If you are a coach training several

athletes start out with 2 sets of 3. Each week add

a set and closely monitor their throwing the next day and how they feel on Wednesday and Thursday. You might find that some will stay with 2 sets and some will be able to do much more. Keep the load the same and encourage them to change directions powerfully and accelerate the weight. This can also be done with singles and doubles.

Now I have also tried the throwing day

before the lifting day. The throwing wasn’t that much better and the lifting was significantly worse. Sure, you’re fresh for throwing, but early in the week you should be more concerned with technique and timing not speed. Worry about speed on Thursday and Friday. If you lift on Monday you should be recovered by Thursday to work on speed. This prepares the athlete much better for competition on Saturday. I believe in training through meets for long term development, but an athlete can learn more from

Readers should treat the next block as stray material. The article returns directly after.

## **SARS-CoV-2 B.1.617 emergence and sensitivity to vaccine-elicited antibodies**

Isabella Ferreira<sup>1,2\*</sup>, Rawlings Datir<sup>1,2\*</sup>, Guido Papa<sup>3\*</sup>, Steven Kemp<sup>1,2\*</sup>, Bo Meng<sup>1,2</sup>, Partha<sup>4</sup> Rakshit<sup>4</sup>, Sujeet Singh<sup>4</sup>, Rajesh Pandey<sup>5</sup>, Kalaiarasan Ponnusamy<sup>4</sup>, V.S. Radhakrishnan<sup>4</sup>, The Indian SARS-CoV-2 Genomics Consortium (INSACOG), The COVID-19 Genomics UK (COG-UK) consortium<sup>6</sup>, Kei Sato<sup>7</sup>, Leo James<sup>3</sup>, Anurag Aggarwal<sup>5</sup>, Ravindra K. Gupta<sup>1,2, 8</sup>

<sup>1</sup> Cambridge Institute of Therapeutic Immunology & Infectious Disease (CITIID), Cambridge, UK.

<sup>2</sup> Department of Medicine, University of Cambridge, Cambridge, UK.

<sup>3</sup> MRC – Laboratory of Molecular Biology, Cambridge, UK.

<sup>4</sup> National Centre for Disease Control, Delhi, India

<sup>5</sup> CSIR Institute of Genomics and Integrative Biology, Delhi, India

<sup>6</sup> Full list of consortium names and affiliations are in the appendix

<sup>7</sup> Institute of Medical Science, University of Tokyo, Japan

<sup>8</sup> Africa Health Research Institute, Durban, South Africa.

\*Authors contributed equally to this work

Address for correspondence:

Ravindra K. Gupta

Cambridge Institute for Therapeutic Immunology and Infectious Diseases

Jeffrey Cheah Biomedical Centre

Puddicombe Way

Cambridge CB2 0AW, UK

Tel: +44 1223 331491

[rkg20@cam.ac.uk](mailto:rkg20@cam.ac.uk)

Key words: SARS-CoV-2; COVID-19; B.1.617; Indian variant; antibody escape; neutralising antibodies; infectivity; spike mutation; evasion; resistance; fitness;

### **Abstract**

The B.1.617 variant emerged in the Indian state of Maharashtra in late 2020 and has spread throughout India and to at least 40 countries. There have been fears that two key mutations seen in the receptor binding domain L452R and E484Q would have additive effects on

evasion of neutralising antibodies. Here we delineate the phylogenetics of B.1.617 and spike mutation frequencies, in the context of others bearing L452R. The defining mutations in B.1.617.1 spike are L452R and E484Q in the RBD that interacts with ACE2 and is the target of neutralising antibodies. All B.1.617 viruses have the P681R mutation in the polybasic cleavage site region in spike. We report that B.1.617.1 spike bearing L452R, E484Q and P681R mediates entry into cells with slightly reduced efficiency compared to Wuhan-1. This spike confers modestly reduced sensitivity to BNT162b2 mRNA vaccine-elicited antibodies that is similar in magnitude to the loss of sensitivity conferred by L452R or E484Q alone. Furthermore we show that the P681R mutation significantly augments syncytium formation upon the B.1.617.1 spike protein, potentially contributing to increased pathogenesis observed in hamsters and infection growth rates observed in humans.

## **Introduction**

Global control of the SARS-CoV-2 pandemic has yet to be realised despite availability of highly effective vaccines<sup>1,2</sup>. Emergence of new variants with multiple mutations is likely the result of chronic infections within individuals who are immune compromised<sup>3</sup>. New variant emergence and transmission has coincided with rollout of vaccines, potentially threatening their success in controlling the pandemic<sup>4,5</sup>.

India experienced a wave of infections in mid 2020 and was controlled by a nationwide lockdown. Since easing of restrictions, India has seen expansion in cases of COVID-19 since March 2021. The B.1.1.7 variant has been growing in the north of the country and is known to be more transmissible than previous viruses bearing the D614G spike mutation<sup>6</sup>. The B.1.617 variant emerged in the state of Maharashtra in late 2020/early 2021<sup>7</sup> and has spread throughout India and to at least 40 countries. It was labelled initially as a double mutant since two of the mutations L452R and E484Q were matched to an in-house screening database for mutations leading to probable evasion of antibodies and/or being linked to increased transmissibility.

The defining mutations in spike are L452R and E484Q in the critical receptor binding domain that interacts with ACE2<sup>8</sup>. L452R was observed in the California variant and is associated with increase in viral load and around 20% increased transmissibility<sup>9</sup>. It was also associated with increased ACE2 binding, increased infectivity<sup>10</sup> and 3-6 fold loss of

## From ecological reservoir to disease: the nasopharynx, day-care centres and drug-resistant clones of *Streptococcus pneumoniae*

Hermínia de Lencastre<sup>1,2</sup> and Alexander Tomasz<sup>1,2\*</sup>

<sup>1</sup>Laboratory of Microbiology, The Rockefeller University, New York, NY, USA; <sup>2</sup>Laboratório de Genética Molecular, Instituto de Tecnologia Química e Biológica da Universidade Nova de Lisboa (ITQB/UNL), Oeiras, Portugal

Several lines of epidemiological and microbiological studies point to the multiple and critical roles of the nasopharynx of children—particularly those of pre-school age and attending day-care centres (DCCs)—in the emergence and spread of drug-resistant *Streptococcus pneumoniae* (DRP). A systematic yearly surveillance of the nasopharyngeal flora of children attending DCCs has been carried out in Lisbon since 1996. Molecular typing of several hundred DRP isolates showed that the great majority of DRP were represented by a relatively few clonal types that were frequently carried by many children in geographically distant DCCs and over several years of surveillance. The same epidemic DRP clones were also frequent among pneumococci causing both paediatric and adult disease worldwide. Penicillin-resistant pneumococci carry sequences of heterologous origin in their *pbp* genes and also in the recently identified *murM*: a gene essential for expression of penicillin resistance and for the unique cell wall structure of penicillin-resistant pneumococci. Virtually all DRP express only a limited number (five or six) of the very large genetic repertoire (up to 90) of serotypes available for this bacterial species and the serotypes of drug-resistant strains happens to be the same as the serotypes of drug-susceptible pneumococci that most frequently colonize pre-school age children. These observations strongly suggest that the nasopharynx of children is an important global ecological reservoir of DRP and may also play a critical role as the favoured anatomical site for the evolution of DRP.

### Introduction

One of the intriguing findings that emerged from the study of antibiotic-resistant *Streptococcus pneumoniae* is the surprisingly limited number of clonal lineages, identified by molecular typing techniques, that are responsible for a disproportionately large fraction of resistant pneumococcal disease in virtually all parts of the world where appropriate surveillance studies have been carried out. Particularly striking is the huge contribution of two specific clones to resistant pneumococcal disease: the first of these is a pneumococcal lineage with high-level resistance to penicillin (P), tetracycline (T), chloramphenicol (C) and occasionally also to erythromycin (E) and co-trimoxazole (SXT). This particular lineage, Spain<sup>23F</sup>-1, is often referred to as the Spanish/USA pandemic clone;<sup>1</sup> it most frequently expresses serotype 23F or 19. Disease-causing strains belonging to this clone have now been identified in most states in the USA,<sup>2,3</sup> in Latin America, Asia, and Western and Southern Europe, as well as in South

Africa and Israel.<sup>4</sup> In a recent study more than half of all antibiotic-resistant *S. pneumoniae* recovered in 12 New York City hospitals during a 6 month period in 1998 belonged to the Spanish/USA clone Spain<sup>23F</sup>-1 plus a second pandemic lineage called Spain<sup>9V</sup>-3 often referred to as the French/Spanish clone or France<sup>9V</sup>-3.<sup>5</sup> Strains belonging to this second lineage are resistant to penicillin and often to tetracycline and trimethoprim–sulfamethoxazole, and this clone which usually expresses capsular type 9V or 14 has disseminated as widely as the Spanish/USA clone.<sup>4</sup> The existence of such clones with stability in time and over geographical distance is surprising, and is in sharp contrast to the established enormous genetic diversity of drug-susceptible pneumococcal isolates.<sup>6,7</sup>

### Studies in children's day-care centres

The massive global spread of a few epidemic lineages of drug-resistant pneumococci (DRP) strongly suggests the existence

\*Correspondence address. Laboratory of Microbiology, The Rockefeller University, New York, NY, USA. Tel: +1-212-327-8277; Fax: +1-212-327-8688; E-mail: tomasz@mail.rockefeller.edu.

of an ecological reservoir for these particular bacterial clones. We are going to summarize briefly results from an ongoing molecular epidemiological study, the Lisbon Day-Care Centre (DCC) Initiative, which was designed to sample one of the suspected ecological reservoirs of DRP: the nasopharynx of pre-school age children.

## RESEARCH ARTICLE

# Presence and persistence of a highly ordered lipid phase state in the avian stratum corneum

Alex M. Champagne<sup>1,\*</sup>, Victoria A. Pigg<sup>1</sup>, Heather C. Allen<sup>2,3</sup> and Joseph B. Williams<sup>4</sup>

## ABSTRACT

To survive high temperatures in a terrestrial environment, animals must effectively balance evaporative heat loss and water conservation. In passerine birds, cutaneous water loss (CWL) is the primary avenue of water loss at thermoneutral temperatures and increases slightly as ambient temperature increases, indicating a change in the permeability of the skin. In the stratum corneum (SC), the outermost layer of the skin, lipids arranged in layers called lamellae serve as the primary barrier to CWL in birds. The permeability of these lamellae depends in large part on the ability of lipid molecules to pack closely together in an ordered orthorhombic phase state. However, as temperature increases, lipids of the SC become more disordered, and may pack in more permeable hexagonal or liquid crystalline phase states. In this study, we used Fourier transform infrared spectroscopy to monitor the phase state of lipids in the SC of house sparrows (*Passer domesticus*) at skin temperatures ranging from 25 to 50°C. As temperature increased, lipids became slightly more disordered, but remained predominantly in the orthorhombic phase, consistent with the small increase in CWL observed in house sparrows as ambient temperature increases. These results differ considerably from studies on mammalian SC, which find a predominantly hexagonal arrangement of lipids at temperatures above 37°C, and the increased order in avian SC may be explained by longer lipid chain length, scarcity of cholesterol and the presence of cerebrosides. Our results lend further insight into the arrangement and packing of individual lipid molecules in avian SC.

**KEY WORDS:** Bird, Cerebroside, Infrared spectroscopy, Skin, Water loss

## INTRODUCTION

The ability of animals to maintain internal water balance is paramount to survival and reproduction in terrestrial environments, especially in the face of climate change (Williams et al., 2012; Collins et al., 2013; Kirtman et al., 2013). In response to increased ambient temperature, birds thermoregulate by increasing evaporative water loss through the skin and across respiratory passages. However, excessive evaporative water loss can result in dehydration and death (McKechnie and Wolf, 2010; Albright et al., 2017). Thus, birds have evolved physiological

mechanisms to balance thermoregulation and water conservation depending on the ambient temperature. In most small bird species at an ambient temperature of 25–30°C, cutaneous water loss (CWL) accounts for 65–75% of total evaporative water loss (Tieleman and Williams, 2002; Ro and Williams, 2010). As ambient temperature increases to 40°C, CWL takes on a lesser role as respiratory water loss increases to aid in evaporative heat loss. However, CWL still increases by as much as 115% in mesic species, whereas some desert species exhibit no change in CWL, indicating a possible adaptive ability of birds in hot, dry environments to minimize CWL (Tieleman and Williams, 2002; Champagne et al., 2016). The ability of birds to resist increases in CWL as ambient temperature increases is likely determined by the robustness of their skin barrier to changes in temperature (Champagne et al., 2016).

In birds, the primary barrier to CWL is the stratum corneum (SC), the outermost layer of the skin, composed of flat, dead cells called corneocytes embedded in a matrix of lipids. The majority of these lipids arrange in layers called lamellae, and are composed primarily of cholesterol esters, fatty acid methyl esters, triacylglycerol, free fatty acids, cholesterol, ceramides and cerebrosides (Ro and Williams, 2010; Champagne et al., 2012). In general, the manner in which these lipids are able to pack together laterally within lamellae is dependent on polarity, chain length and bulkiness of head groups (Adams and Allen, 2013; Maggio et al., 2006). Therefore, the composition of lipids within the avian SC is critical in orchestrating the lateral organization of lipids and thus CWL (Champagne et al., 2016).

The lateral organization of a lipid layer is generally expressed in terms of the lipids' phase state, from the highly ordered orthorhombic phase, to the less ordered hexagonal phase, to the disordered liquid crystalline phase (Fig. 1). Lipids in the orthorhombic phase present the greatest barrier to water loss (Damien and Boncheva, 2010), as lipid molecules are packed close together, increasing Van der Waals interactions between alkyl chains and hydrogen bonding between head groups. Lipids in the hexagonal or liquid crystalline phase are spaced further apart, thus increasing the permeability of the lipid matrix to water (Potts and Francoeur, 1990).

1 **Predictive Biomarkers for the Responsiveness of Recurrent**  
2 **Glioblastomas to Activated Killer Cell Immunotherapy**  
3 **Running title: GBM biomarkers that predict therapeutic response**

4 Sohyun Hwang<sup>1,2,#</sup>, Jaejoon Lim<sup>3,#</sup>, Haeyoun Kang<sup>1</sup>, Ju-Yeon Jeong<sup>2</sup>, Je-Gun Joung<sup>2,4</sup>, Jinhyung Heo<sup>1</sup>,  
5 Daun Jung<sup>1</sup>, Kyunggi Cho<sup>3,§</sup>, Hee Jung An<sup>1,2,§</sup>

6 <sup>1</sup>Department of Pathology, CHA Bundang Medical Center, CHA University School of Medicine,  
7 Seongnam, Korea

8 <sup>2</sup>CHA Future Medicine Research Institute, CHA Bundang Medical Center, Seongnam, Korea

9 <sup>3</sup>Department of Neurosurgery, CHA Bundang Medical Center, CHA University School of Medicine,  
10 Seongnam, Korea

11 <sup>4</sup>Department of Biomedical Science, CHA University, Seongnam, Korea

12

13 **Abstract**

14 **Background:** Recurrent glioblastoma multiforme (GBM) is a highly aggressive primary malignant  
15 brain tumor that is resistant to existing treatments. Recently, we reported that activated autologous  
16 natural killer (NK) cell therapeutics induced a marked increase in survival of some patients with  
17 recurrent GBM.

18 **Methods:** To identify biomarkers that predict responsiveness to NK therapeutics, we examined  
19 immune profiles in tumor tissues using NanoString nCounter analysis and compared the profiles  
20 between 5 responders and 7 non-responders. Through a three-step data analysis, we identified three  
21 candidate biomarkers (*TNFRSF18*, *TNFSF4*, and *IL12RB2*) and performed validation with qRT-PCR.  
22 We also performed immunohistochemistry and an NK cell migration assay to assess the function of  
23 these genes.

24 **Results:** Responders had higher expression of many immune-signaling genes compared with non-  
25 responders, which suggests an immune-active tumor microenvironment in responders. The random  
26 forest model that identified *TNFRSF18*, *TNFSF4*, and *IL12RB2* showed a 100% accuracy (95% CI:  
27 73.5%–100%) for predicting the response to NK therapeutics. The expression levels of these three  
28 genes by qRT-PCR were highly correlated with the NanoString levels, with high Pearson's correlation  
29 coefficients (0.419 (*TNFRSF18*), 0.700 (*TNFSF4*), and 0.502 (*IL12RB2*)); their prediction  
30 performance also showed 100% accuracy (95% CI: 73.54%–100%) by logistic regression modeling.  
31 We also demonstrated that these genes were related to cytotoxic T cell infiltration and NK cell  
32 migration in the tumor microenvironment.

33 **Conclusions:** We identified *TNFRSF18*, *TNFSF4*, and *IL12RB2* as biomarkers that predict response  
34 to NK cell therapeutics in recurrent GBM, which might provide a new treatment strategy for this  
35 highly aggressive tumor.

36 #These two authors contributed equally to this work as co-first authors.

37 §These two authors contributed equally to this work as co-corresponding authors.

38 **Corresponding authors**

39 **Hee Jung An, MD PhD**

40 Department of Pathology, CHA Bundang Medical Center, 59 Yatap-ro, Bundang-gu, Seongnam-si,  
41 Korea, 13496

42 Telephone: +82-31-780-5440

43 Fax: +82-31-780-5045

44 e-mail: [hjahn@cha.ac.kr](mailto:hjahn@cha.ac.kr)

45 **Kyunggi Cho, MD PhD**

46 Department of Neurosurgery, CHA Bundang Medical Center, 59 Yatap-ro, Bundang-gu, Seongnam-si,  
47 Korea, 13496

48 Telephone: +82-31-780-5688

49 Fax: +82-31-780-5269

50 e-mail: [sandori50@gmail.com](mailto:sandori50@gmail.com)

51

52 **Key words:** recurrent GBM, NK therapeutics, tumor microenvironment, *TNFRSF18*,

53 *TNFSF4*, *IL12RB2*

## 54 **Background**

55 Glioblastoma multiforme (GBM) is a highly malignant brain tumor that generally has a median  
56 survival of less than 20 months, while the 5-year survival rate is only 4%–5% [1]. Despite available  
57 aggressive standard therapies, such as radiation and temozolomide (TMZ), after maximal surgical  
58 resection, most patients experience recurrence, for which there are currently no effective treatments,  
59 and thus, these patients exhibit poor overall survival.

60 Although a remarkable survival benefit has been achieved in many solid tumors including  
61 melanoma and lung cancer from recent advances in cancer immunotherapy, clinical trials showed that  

a positive competitive experience than he/she

can sometimes learn from a whole week of practice. An athlete can also get significantly discouraged from a bad meet experience. If the

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athlete identifies this bad experience as caused by their physical state that can damage the coach-athlete relationship because the athlete starts to question if the coach really has the athlete’s best interests in mind. Our competitive lifting/training scheme looks like this:

Monday and Tuesday are “Development Days” Monday Cleans Squats Heavy Stuff High Volume Throws Tuesday Upper Body Drills Wednesday…a Rest Day Medicine Ball Circuits Drills Thursday…Prep for Meet Snatches Single Leg Work Jumps or Quick Lifts Low Volume Friday Very Light Med Ball Rehearsal Saturday Compete